Tag Archives: etymology

Beyond Word Up….

I received this question:

I have a few of questions about Beyond Word Up:

Is it in the same format as Word Up?

How many lessons are there?

Since it’s not a live class, do you have to sign up for a year or just a couple months?

Here is my reply:

No. Unfortunately, it is not the same format as Word Up.  I wish it were.  Word Up was a lot of fun to create.  

The classes on my site are screen casts.  They’re not all that exciting.  Basically, the students simply see the word I am talking about on the screen in front of them.  Each class adds about 20 new words.  In this respect, the material is the same as Word Up, but the delivery is quite different.

There are 24 lessons.  This means that students would learn the history of and the etymology of about 500 words.

And, yes. I have set my site up in such a way that you can subscribe and cancel at anytime.


Verbiculture: the production of words. 

Yep.  It’s really a word.

From Latin verbum (word) and the Latin verb colo, colere, colui, cultus: to live in, inhabit; till, cultivate, promote growth.

Verbiculture, which shows up in almost no dictionaries, was coined in 1873 by Coined by Fitzedward Hall, in “Modern English.  Mr. Hall was one of the early collaborators in the Oxford English Dictionary (OED). 

Ironically, verbiculture, meaning, the production of words, has not caught on.

Men ever had, and ever will have leave,

To coin new words well suited to the age,

Words are like leaves, some wither every year,

And every year a younger race succeeds.

-Horace, Roman poet (65 BC)


Cognoscente: Someone possessing superior knowledge in a particular field, usually the arts; a connoisseur, an aficionado, a discerning expert. 

I get the feeling a “cognoscente” is likely a member of the Illuminati of the art world.  Or, based on modern art purchases, perhaps the “cognoscente” is simply a gullible person with a large checking account.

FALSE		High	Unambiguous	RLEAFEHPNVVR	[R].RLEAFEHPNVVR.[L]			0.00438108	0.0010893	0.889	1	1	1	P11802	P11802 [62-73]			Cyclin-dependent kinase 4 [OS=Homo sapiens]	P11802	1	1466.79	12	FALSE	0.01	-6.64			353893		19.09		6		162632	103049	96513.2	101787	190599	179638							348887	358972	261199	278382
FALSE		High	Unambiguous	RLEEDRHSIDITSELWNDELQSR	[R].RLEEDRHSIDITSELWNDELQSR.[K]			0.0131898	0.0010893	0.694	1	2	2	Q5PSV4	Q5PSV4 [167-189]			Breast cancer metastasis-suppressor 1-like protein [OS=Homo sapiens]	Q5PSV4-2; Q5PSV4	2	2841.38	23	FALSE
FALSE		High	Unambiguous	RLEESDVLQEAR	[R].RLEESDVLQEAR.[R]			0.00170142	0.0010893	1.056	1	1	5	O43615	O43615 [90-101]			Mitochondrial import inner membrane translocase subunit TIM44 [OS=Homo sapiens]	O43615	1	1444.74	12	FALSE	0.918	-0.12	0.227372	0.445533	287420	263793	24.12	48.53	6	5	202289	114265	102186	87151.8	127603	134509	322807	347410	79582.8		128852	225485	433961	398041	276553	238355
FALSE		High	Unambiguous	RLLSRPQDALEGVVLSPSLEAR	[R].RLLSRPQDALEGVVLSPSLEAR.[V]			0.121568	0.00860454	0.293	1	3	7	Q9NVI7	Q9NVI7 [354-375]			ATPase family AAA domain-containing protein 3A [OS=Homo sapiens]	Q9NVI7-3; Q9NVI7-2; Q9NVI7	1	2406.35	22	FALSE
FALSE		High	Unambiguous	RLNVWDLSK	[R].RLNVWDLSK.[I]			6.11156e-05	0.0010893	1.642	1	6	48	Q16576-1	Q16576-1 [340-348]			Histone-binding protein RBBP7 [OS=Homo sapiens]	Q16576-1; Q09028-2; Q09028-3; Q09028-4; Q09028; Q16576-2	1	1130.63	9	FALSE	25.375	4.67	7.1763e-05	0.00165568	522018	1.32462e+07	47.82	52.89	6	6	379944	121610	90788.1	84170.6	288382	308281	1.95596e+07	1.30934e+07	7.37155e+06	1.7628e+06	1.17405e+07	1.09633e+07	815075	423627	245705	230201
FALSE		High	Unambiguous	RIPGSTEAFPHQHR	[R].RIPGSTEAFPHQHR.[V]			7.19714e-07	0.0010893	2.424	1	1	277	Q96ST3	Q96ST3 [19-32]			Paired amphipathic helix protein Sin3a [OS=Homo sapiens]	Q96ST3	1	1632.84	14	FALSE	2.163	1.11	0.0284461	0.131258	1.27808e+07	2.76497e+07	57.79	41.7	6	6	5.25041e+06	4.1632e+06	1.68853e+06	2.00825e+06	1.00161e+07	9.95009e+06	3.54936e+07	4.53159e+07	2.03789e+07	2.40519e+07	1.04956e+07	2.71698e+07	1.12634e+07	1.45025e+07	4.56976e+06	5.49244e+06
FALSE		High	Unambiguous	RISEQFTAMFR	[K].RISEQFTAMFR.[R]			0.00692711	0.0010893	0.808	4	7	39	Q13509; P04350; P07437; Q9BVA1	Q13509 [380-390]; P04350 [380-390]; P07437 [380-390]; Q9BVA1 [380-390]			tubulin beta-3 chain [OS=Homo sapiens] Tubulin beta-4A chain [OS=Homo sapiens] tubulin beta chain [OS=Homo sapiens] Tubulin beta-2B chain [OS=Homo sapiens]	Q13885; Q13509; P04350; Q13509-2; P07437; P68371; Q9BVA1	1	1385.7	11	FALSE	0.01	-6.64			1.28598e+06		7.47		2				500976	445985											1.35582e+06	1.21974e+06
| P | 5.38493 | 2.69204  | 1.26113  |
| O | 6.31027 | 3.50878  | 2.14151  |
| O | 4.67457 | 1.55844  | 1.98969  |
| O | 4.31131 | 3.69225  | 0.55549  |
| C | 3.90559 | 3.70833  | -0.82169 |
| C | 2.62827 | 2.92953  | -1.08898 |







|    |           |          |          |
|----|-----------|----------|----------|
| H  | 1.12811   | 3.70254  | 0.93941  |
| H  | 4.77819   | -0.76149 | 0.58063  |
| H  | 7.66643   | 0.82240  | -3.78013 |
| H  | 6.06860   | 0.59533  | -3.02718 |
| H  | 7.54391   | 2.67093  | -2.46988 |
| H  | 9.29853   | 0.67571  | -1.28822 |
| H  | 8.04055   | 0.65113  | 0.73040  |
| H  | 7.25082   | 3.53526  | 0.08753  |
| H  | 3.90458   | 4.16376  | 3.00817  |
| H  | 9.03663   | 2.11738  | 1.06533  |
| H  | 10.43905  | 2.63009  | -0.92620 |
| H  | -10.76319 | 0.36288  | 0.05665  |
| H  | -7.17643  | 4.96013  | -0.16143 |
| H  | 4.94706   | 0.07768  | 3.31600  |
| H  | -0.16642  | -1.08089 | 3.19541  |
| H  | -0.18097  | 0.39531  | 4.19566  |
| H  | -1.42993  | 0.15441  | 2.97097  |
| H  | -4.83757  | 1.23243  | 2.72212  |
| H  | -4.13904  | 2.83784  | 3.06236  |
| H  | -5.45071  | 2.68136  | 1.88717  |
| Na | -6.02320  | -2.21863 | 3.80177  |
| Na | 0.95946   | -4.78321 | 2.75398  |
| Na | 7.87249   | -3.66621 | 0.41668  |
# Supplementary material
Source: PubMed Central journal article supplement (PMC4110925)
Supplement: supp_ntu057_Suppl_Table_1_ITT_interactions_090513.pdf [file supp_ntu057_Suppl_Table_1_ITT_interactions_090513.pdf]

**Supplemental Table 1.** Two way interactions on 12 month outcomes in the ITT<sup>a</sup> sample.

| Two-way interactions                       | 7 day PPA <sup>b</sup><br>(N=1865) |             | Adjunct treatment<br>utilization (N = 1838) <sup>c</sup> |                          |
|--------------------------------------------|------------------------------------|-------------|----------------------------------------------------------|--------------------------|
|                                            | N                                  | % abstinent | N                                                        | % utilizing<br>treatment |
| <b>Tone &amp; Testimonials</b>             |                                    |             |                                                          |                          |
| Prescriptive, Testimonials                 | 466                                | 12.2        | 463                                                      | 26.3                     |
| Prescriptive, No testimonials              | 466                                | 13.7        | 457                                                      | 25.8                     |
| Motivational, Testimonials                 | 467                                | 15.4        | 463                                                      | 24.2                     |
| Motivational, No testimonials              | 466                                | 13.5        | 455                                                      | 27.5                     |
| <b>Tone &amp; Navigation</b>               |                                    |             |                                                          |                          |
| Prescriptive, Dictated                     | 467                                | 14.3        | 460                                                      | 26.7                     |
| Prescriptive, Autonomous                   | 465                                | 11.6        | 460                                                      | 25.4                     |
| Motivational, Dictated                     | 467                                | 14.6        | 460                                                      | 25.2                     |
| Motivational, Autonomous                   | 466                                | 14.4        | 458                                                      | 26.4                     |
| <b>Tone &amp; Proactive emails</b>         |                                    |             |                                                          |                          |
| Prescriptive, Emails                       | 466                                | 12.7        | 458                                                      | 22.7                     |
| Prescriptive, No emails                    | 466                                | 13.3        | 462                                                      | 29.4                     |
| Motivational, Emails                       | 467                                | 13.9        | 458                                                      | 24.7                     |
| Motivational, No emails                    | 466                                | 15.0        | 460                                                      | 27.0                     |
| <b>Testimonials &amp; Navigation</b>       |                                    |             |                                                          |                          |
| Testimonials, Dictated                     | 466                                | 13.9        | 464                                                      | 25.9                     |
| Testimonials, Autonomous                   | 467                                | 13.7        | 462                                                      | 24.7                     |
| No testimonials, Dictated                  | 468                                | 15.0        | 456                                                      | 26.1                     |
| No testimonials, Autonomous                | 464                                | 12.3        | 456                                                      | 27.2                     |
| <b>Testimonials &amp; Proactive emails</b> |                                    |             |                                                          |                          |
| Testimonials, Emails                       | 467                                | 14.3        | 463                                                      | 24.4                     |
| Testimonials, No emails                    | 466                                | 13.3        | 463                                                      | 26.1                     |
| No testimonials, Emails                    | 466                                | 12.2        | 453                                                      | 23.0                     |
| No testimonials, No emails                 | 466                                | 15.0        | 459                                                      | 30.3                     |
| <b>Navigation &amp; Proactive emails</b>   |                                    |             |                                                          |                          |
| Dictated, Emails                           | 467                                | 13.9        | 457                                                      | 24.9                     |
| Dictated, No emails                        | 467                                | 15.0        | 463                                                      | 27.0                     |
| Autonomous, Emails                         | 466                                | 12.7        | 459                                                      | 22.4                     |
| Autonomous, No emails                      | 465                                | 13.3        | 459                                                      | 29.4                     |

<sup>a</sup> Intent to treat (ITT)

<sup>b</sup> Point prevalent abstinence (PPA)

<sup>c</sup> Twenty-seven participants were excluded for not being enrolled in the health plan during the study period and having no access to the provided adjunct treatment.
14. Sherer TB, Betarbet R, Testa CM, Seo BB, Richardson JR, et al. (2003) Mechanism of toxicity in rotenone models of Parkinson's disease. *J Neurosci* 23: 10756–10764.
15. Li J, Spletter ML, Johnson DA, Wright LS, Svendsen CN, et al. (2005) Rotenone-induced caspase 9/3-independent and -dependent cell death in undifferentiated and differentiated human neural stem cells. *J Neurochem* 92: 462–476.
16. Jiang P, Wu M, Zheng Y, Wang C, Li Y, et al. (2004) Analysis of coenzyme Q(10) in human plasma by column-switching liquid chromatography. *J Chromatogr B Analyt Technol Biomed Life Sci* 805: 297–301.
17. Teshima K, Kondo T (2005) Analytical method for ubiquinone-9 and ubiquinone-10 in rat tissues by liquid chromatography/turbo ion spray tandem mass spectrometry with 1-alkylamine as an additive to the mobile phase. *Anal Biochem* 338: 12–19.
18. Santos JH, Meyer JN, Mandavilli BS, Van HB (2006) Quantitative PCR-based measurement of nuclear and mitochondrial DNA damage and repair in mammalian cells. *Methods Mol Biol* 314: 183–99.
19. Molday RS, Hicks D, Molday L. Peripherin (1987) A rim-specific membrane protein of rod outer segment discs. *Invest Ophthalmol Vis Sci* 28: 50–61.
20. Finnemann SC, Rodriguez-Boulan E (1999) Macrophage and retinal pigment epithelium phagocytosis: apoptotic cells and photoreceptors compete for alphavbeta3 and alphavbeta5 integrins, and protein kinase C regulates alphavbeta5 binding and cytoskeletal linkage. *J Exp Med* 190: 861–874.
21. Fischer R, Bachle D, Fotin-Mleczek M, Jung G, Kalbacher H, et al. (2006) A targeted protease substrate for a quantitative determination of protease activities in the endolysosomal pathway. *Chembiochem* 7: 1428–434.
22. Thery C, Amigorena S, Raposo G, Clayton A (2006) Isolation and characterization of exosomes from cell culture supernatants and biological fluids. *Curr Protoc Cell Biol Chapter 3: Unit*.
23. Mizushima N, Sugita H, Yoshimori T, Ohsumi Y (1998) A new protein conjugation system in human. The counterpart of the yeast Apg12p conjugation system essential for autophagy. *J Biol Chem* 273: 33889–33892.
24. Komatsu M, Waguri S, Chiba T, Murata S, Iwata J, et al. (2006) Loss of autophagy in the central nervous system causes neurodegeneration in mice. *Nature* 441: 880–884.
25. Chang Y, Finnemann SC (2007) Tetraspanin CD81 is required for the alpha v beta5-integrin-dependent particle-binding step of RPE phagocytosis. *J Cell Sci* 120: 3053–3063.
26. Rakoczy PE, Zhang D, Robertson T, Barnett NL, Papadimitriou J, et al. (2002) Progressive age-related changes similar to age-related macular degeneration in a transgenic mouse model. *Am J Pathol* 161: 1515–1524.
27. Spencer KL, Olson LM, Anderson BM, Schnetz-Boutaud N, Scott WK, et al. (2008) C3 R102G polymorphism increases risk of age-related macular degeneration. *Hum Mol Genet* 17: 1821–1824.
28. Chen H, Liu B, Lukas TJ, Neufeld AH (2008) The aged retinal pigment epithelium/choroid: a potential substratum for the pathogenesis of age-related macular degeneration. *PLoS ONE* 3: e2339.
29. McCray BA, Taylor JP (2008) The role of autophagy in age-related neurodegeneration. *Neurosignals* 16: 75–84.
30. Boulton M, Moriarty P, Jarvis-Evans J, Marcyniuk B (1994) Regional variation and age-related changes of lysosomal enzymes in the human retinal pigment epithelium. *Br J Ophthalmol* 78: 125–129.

Cognoscente derives from its now obsolete Italian twin: cognoscente (now conoscente).  Naturally, the Italian word comes from the Latin verb cognosco (I know). 

The Latin cognosco comes from the Latin preposition con (with) and the Greek word γιγνώσκω (gignosko) meaning, “I know.”


Connoisseur: A person well versed in any subject; a skillful or knowing person; a critical judge or master of any art, particularly of painting and sculpture.

From French connaisseur.  The French word derives from the verb connoître (acquainted, to know).  Father of the modern French verb is the Old French verb conoistre, itself from Latin cognosco (I know). 

Cognosco comes from the Latin word con (with) and the Greek word γιγνώσκω (gignosko) meaning, I know.


Cognizance: having knowledge of something. 

When you possess cognizance, you possess knowledge. 

As G. I. Joe says, “Cognizance is half the battle.”  Or, something like that.

Cognizance can also mean perception, awareness, the ability to notice things. 

Cognizance ultimately comes from the Latin word con (with) and the Greek word γιγνώσκω (gignosko) meaning, I know.  Naturally, the word took a while to show up in English.  First it travelled through French, where is was conoissance (knowledge, wisdom).